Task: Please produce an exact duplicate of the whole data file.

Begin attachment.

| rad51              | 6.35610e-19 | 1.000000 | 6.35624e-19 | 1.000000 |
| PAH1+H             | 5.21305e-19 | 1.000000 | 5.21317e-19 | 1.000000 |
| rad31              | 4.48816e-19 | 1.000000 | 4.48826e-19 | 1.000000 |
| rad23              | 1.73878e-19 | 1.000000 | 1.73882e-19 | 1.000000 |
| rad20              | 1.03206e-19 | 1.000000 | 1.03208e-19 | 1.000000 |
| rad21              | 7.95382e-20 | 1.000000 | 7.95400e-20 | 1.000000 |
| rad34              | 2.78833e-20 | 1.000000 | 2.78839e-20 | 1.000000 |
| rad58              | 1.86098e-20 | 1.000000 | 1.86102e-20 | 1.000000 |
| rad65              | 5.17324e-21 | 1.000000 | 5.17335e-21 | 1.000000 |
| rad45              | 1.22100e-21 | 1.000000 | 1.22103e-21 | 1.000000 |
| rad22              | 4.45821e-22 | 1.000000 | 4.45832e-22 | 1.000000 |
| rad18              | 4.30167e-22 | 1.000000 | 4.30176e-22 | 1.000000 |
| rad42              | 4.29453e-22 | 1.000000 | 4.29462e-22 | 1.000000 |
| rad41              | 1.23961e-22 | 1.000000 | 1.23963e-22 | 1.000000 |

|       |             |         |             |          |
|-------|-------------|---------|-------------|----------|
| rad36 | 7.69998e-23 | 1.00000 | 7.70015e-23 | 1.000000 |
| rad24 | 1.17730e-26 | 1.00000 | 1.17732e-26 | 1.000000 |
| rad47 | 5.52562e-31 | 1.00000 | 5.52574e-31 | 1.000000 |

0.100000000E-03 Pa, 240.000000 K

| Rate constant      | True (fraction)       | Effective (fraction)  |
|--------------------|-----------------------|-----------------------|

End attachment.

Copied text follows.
| rad51              | 6.35610e-19 | 1.000000 | 6.35624e-19 | 1.000000 |
| PAH1+H             | 5.21305e-19 | 1.000000 | 5.21317e-19 | 1.000000 |
| rad31              | 4.48816e-19 | 1.000000 | 4.48826e-19 | 1.000000 |
| rad23              | 1.73878e-19 | 1.000000 | 1.73882e-19 | 1.000000 |
| rad20              | 1.03206e-19 | 1.000000 | 1.03208e-19 | 1.000000 |
| rad21              | 7.95382e-20 | 1.000000 | 7.95400e-20 | 1.000000 |
| rad34              | 2.78833e-20 | 1.000000 | 2.78839e-20 | 1.000000 |
| rad58              | 1.86098e-20 | 1.000000 | 1.86102e-20 | 1.000000 |
| rad65              | 5.17324e-21 | 1.000000 | 5.17335e-21 | 1.000000 |
| rad45              | 1.22100e-21 | 1.000000 | 1.22103e-21 | 1.000000 |
| rad22              | 4.45821e-22 | 1.000000 | 4.45832e-22 | 1.000000 |
| rad18              | 4.30167e-22 | 1.000000 | 4.30176e-22 | 1.000000 |
| rad42              | 4.29453e-22 | 1.000000 | 4.29462e-22 | 1.000000 |
| rad41              | 1.23961e-22 | 1.000000 | 1.23963e-22 | 1.000000 |

|       |             |         |             |          |
|-------|-------------|---------|-------------|----------|
| rad36 | 7.69998e-23 | 1.00000 | 7.70015e-23 | 1.000000 |
| rad24 | 1.17730e-26 | 1.00000 | 1.17732e-26 | 1.000000 |
| rad47 | 5.52562e-31 | 1.00000 | 5.52574e-31 | 1.000000 |

0.100000000E-03 Pa, 240.000000 K

| Rate constant      | True (fraction)       | Effective (fraction)  |
|--------------------|-----------------------|-----------------------|